Vitamin D: Insufficient vitamin D levels have been linked to more severe asthma and allergies in children. Vitamin D has also been found to reduce allergic responses to mold.
Hot peppers: Hot chili peppers, horseradish, and hot mustards work as natural decongestants. In fact, a nasal spray containing capsaicin (derived from hot peppers) significantly reduced nasal allergy symptoms in a 2009 study.
Locally produced raw honey: Many believe that consuming locally produced honey, which contains pollen spores picked up by the bees from your local plants, can act as a natural “allergy vaccine.” By introducing a small amount of allergen into your system (from eating the honey), your immune system is activated and over time can build up your natural immunity against it.
Quercetin: Quercetin is an antioxidant that belongs to a class of water-soluble plant substances called flavonoids. Many believe quercetin-rich foods (such as apples, berries, red grapes, red onions, capers and black tea) prevent histamine release—so they are “natural antihistamines.” Quercetin is also available in supplement form—a typical dose for hay fever is between 200 and 400 mg per day.
Butterbur (Petasites hybridus): Another natural antihistamine, this herb has been used since ancient times to treat a variety of conditions, including migraines. In a German study, 40 percent of patients taking butterbur root extract were able to reduce their intake of traditional asthma medications. A British study found butterbur as effective as the drug Zyrtec. (A word of caution is needed, however. Butterbur is a member of the ragweed family, so if you are allergic to ragweed, marigold, daisy, or chrysanthemum, you should not use butterbur.)
Stinging nettle (Urtica dioica): Another natural antihistamine, stinging nettle has a long history of use for seasonal allergies, without the drowsiness and dry mouth associated with many pharmacological antihistamines. Nettle inhibits your body’s ability to produce histamines. The recommended dose is about 300 mg freeze-dried nettle extract daily.
Goldenseal (Hydrastis canadensis): Goldenseal may be helpful for seasonal allergies. Laboratory studies suggest that berberine, the active ingredient in goldenseal, has antibacterial and immune-enhancing properties.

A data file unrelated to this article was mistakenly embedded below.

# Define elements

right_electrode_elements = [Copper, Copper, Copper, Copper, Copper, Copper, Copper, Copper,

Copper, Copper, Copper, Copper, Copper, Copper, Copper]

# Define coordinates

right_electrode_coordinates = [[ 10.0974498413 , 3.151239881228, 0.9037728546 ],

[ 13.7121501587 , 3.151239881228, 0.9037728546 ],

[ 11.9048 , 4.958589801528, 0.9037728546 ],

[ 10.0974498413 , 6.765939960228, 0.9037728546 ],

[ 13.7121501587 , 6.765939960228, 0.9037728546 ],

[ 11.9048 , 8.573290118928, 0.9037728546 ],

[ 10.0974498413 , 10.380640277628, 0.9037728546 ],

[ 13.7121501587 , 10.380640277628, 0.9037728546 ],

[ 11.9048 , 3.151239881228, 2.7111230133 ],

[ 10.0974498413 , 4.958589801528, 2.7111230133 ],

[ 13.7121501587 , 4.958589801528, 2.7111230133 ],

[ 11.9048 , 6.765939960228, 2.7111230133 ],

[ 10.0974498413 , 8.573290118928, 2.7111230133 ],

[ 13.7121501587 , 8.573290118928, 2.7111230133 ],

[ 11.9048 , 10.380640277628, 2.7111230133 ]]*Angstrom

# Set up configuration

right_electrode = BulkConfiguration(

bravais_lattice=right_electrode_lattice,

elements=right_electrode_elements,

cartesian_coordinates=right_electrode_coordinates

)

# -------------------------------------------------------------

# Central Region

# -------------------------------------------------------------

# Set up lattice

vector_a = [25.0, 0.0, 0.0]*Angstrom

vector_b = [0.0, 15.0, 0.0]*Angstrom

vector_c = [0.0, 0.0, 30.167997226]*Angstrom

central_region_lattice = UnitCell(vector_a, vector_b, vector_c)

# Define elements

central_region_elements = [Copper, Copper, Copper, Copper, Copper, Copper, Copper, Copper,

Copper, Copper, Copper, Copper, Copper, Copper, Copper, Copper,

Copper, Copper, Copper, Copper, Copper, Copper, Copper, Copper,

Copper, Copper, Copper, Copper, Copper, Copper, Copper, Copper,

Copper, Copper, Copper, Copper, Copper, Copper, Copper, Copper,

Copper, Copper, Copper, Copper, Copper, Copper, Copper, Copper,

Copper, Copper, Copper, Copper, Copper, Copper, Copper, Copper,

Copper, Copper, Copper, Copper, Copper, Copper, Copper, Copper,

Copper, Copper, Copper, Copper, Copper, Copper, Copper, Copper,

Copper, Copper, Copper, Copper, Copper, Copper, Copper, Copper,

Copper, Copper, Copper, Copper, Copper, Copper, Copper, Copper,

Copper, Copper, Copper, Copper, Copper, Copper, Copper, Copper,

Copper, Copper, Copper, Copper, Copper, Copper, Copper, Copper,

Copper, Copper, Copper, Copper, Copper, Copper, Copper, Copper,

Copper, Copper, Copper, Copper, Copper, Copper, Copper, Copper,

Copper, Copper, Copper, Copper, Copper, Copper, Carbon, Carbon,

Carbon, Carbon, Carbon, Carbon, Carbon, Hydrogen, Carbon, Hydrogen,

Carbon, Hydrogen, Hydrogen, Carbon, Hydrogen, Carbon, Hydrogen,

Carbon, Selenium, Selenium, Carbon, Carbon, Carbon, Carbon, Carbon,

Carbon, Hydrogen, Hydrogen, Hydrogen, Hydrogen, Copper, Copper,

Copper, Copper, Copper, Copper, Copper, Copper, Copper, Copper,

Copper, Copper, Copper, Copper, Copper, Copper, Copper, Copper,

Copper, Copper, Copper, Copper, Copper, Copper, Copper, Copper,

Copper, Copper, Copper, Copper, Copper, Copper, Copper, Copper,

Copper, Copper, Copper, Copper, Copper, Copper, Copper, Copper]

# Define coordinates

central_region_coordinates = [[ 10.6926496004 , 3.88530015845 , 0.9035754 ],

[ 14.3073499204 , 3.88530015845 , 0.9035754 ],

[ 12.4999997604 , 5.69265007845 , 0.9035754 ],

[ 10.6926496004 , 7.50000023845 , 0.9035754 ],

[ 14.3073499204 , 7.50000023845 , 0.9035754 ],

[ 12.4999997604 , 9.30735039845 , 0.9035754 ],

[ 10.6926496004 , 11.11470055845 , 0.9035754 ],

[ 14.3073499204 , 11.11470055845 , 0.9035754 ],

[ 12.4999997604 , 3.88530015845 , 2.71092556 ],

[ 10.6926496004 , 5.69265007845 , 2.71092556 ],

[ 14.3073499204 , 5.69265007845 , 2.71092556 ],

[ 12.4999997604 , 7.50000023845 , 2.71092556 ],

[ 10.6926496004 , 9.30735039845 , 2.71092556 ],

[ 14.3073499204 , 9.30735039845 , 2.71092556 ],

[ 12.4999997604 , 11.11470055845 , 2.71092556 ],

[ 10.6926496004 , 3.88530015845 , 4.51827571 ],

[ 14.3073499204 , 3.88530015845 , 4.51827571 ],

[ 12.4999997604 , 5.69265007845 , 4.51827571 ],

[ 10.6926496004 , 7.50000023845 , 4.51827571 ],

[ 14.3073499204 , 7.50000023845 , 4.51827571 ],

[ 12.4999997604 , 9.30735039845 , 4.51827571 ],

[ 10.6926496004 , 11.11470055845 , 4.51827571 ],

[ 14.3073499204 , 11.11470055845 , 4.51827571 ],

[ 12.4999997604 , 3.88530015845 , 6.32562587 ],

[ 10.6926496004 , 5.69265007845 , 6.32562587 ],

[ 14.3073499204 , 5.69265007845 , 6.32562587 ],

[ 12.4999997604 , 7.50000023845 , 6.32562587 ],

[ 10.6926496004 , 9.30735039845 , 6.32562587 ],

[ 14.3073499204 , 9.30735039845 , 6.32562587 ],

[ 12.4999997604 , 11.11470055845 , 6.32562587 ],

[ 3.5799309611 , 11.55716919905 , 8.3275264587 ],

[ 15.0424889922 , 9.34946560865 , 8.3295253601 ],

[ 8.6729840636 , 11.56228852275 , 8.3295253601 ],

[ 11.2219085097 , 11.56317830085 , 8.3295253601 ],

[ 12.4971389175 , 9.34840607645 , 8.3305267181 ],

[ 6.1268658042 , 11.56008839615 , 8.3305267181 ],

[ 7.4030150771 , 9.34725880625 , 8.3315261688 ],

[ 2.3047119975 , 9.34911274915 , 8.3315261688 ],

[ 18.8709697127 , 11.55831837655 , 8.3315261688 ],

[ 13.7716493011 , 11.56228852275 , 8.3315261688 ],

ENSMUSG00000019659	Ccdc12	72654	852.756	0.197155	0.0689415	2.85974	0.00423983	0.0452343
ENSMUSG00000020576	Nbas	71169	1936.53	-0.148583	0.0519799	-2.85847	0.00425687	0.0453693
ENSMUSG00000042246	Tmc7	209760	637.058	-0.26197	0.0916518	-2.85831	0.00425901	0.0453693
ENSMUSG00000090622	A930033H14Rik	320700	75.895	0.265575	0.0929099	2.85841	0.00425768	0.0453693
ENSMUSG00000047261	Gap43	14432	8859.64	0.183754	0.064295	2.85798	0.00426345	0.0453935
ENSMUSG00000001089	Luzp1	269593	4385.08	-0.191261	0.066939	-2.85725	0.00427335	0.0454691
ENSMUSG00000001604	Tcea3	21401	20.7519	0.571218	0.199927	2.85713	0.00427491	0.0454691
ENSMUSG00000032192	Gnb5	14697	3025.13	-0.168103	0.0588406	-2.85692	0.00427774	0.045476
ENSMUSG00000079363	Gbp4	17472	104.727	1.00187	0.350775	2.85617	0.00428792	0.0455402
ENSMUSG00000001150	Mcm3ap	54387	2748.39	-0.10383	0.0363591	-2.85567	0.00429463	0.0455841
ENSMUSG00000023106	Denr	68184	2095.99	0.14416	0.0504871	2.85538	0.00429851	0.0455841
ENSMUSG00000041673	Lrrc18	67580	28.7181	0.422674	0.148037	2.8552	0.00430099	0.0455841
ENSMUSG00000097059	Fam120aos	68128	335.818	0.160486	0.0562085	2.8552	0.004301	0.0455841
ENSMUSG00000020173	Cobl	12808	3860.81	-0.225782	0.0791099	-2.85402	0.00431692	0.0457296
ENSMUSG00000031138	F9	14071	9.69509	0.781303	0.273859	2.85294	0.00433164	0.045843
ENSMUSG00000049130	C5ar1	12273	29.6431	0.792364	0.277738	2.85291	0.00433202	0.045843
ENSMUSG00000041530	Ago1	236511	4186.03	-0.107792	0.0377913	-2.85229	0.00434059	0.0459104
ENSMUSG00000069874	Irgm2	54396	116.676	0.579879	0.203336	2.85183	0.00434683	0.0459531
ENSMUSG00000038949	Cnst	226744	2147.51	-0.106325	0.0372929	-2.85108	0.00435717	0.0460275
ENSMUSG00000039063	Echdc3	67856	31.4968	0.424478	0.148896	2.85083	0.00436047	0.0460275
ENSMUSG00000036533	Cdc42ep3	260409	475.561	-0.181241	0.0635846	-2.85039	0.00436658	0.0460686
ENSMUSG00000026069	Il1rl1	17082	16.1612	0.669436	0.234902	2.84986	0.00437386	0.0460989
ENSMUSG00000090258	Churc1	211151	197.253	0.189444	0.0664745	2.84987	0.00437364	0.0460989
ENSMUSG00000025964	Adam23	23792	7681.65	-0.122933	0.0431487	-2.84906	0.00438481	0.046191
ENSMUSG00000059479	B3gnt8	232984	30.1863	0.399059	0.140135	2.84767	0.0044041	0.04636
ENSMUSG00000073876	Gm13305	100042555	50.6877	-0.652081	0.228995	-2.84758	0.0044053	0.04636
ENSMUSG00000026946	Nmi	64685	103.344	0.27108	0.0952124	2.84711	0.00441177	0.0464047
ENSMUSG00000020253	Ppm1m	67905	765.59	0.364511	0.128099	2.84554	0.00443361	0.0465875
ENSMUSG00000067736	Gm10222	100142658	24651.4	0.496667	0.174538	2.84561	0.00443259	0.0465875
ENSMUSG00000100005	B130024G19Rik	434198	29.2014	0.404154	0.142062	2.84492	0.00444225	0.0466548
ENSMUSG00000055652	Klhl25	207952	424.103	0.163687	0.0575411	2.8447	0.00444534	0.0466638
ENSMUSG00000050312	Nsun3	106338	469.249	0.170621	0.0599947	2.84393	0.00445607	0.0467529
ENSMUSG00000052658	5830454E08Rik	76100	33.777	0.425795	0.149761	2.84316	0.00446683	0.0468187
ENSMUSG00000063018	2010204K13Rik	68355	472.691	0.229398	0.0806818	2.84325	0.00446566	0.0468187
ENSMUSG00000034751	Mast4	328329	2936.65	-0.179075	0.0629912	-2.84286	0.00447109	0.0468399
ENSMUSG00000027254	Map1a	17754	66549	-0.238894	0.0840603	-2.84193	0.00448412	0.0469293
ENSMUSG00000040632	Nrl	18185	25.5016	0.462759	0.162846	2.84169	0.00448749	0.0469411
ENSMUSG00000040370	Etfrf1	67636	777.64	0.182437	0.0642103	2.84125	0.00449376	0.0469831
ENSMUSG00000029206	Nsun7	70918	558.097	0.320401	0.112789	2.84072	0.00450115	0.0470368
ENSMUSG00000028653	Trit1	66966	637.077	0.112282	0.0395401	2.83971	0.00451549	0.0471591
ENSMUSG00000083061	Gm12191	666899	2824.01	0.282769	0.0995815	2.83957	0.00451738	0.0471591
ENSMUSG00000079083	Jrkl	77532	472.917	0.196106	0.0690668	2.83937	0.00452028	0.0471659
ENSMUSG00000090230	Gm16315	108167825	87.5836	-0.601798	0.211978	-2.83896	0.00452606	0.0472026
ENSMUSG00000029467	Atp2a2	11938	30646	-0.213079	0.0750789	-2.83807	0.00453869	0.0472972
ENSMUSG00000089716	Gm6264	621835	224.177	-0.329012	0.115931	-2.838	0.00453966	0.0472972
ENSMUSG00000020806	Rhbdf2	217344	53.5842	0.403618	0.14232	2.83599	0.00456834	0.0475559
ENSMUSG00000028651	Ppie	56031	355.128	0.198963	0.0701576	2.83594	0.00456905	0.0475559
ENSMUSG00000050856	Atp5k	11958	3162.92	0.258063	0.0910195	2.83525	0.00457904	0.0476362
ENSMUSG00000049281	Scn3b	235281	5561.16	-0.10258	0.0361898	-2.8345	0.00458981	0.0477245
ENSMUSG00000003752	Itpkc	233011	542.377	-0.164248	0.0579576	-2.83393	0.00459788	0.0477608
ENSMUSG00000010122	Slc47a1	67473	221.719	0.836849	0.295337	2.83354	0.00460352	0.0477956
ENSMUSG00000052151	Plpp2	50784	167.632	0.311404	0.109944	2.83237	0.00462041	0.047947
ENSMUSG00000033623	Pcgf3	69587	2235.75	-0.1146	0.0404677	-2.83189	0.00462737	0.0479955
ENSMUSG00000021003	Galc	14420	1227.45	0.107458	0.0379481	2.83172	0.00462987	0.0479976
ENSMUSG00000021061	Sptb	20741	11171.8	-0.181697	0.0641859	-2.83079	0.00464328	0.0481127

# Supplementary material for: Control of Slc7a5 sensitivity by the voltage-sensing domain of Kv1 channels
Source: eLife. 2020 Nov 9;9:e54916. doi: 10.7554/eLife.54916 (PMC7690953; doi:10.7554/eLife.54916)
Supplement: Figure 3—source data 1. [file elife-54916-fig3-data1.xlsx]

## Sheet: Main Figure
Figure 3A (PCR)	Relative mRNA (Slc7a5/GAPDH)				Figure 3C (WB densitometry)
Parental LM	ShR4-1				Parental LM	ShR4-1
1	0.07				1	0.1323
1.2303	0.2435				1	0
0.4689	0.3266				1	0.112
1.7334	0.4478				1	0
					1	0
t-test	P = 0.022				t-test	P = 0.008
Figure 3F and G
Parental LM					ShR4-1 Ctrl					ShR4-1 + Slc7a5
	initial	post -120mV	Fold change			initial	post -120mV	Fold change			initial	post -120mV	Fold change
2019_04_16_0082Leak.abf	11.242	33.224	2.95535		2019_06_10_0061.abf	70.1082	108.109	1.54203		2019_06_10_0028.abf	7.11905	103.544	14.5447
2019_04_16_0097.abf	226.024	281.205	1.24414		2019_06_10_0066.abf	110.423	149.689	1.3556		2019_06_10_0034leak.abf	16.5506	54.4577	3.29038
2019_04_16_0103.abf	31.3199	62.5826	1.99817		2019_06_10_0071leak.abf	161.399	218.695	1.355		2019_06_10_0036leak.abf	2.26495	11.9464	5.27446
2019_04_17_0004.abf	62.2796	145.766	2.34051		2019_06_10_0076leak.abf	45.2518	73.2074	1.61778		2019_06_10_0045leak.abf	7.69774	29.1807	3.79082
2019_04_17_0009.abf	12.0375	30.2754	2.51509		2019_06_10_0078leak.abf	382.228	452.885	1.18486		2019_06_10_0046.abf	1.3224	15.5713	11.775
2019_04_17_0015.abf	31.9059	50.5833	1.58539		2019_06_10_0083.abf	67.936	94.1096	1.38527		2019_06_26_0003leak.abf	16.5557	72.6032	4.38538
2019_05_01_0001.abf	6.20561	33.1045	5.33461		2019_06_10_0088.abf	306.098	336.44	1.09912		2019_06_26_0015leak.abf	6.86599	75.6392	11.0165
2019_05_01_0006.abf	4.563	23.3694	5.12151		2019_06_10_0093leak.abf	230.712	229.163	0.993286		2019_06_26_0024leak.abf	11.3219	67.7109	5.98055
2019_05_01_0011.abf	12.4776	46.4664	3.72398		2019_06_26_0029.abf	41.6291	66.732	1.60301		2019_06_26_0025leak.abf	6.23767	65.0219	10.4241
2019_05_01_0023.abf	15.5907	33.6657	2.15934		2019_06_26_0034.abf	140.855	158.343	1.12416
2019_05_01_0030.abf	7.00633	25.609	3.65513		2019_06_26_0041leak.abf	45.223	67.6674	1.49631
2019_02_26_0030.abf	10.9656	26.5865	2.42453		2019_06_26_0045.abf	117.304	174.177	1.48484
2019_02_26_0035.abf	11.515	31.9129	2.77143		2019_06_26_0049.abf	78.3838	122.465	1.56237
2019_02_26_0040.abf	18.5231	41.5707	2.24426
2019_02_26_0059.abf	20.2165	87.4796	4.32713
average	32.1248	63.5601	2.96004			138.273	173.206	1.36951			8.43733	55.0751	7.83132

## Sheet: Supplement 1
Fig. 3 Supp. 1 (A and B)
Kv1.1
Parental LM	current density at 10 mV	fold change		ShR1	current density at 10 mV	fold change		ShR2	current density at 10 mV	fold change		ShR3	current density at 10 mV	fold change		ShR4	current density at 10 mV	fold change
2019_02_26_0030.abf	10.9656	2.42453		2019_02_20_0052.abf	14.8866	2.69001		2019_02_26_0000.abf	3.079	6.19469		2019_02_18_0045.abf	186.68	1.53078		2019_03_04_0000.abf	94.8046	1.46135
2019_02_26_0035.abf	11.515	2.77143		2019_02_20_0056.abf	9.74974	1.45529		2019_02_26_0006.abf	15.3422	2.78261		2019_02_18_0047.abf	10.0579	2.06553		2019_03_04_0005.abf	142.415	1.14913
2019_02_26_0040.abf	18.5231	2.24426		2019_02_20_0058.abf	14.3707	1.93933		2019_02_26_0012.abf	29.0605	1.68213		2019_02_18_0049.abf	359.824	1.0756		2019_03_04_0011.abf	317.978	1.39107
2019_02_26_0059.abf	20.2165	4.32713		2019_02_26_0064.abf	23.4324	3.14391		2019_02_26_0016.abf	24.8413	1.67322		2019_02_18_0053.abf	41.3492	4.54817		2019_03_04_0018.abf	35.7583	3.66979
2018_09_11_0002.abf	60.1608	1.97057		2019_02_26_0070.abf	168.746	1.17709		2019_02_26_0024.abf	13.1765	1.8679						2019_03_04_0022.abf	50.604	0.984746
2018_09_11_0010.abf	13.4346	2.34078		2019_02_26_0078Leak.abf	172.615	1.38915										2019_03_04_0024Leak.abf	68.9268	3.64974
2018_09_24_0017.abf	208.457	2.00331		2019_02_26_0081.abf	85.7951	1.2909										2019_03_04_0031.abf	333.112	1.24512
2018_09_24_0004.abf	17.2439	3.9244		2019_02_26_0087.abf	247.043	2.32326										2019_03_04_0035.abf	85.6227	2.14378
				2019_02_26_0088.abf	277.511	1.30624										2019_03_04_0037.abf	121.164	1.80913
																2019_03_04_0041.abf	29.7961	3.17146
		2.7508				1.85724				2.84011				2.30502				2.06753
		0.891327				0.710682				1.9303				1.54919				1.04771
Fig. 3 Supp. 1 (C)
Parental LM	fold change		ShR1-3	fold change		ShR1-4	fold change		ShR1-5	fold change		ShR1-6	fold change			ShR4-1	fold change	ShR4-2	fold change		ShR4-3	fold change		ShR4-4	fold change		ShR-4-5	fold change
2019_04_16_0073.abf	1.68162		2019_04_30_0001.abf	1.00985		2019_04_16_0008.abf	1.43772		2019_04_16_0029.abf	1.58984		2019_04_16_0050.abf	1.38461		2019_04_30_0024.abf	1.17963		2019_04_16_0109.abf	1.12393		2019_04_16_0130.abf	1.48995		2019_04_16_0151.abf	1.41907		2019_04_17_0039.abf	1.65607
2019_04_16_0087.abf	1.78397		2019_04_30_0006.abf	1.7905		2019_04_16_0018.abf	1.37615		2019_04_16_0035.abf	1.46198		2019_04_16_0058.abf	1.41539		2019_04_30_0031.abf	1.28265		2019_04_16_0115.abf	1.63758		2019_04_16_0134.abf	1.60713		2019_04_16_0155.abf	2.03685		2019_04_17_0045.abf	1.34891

Eucalyptus oil: This pure essential oil can be healing to mucus membranes. You can apply a drop on a cotton ball and sniff it several times a day, add a few drops to water (or to a nebulizer, if you own one) for a steam treatment, or use a few drops in your bathwater.
Provocation Neutralization (PN) Allergy Treatment
Addressing allergies takes a multi-faceted approach that involves optimizing your diet and avoiding potential triggers. Typically, people anticipating the misery of allergy season arm themselves with a variety of antihistamine pills, nose sprays and eye drops. But these drug treatments come with their own set of side effects, and relief is short lived. And unfortunately, conventional allergy testing, whether done through the blood or skin, works for only 20 to 30 percent of patients. It is also quite inconvenient, as you need to go to the doctor's office every week for months or years, and it can take several years to be effective.
Provocation neutralization (PN) allergy testing and treatment, however, offers many allergy sufferers permanent relief without adverse side effects. The success rate for this approach is about 80 to 90 percent, and you can receive the treatment at home. Provocation refers to "provoking a change" and neutralization refers to "neutralizing the reaction caused by provocation." During provocation-neutralization, a small amount of allergen is injected under your skin to produce a small bump called a "wheal" on the top layers of your skin, and then it is monitored for a reaction. If you have a positive reaction, such as fatigue, headache, or a growth in the size of the wheal, then the allergen is neutralized with diluted injections or with drops that go in your mouth of the same allergen. If you are interested in pursuing PN, the American Academy of Environmental Medicine (AAEM) has a list of physicians and offices that are trained in this technique.
Simple Activities That Can Dramatically Reduce Symptoms
Another simple, inexpensive and very beneficial practice you can do at home is flushing out your nasal passages with a neti pot. A neti pot is a small vessel with a spout you insert into your nose that can be used to gently irrigate your nose and sinuses with a filtered water (boiled and cooled down) and sea salt solution. You may want to also consider the purchase of an air purifier that will result in lower levels of allergens circulating around your home or office. One of the best things you can do to reduce your allergy symptoms naturally is exercise.
If you have seasonal allergies, you will also benefit from clearing out some of your "energy meridians" with an energy technique such as acupuncture or EFT. In one study published in the American Journal of Chinese Medicine, acupuncture reportedly reduced allergy symptoms in all 26 participants. In a second study, just two acupuncture treatments totally eliminated symptoms in more than half of the participants. Even simpler is the Emotional Freedom Technique (EFT), which is my favorite energy technique because you can do it by yourself at home, and it's easy to learn, it’s "acupuncture without the needles."
Lastly, remember to keep your vehicle and building windows closed on high-pollen days, especially in the mornings before 10 am when pollen levels are normally highest. Similarly, avoid using window fans when pollen levels are high. Pollen levels are also worse on dry and/or windy days. If you must do yard work, wearing a mask might be helpful. It is always best to employ natural measures before taking harsh drugs, and fortunately, natural allergy treatments work quite well. So this spring, try some (or all) of these suggestions to reduce your allergy symptoms!
Rodale.com February 23, 2011
Curr Allergy Asthma Rep September 2009
American Academy of Environmental Medicine
USA Today March 29, 2011
WebMD October 2009
International Archives of Allergy and Immunology 2002
Allergy August 2006